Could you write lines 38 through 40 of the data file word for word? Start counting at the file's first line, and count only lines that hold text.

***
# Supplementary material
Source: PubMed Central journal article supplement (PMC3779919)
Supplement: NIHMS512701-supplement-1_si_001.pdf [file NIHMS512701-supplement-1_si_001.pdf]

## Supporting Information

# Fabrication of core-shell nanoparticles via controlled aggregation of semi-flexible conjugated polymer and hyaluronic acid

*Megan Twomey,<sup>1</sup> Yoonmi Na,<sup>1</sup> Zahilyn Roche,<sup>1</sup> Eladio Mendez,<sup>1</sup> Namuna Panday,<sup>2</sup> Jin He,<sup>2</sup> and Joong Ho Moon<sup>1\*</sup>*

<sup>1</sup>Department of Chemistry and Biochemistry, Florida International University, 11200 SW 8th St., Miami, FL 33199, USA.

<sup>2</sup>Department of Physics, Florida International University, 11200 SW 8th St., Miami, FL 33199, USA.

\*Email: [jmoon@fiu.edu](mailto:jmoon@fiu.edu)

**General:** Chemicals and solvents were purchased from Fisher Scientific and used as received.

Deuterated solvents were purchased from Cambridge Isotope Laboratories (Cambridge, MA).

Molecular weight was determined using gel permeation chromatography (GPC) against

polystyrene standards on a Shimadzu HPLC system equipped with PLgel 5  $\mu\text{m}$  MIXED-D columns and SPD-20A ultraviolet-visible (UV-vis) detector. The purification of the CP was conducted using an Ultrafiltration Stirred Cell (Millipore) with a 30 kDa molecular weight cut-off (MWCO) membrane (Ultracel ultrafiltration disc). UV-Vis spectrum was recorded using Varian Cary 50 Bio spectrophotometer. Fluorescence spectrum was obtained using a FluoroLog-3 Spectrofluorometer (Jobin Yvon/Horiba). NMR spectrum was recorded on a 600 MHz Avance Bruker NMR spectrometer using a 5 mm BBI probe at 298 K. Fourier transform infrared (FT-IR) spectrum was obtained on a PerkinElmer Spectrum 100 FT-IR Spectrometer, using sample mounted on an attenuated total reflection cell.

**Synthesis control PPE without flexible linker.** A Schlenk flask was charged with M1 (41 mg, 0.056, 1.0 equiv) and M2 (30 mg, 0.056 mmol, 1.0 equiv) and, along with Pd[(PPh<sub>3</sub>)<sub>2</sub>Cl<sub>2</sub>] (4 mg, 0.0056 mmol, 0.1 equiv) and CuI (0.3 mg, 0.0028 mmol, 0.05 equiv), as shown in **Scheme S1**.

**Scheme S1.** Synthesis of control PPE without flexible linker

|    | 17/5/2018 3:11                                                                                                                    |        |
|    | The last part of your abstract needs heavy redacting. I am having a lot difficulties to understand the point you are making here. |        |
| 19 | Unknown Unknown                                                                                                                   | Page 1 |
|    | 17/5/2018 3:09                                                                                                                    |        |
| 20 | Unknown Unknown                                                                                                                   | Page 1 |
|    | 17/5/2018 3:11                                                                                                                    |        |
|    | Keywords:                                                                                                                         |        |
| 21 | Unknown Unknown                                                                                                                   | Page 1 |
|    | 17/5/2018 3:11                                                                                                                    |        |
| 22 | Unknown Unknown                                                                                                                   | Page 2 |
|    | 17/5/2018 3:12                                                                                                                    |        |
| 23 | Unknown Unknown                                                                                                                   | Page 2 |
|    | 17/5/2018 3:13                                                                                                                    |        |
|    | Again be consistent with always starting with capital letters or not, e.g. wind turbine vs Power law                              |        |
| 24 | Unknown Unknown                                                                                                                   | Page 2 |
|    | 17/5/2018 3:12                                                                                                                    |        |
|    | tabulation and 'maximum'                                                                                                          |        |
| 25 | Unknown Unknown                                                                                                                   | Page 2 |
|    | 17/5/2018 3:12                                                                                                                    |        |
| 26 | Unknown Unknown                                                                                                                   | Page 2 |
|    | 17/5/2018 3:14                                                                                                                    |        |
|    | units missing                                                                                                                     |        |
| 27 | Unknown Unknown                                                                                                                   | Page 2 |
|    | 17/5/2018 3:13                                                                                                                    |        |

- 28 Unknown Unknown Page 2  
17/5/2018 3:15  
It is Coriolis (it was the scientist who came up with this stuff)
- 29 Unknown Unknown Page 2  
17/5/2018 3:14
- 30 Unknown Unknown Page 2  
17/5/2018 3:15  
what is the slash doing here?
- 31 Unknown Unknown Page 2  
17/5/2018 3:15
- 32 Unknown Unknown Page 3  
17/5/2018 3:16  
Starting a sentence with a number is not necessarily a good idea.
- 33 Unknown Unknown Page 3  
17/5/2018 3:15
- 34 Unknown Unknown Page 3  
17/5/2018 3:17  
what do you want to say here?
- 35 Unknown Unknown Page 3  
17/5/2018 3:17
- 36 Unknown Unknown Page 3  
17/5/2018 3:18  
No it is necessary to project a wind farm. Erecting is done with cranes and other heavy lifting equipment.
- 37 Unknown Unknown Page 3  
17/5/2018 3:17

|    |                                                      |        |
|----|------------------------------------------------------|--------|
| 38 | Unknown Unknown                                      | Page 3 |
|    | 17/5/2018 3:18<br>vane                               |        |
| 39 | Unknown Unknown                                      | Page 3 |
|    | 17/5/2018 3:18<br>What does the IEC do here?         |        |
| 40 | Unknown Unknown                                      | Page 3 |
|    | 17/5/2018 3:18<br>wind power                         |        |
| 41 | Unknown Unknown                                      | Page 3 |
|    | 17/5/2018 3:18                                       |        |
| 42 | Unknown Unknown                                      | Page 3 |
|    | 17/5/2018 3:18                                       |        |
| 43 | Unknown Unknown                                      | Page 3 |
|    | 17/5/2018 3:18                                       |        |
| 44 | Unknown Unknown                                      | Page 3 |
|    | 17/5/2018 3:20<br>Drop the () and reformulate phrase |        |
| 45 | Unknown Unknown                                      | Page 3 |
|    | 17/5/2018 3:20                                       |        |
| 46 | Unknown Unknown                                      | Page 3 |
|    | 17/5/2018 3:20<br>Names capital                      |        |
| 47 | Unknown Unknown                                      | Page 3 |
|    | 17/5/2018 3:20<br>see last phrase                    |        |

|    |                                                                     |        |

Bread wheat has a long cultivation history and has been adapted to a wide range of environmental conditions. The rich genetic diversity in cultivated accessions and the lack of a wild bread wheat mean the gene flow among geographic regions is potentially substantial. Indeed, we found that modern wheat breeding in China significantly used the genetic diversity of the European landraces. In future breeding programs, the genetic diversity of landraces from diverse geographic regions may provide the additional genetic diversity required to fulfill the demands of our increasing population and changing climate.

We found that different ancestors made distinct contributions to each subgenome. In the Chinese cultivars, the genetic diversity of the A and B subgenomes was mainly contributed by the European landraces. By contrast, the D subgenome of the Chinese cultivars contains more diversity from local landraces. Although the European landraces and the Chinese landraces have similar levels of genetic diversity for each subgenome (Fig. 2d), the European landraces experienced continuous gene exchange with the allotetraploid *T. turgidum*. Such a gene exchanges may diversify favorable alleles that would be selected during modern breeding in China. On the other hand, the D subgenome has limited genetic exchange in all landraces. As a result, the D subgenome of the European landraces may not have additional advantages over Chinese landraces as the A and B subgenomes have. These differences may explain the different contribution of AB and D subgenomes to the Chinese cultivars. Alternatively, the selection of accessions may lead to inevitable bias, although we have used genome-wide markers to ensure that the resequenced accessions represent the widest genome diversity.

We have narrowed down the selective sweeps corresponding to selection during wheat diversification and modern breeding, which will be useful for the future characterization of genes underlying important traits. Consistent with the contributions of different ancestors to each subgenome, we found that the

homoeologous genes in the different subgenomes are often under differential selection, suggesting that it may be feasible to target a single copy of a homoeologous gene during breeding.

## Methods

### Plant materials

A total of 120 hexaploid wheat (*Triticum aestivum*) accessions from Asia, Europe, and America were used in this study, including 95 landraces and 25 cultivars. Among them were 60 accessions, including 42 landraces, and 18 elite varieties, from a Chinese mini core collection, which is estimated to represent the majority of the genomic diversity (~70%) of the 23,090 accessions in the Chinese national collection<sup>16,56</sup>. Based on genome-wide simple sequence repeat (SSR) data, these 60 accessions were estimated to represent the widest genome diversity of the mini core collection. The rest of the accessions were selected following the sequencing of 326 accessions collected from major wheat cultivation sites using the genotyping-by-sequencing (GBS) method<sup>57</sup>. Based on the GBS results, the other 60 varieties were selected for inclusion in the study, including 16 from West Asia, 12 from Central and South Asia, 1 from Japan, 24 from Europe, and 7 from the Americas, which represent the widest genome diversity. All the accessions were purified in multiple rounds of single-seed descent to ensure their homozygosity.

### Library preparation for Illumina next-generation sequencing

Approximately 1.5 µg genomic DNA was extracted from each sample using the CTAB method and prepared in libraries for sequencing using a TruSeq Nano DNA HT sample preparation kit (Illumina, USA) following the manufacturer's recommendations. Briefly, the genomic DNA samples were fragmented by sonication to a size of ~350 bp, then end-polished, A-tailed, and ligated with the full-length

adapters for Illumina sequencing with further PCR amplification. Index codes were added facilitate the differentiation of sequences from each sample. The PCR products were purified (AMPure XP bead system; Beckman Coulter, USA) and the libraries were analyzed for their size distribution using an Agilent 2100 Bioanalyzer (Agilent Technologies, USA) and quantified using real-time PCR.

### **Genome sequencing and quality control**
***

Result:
| 27 | Unknown Unknown                                                                                                                   | Page 2 |
|    | 17/5/2018 3:13                                                                                                                    |        |

- 28 Unknown Unknown Page 2  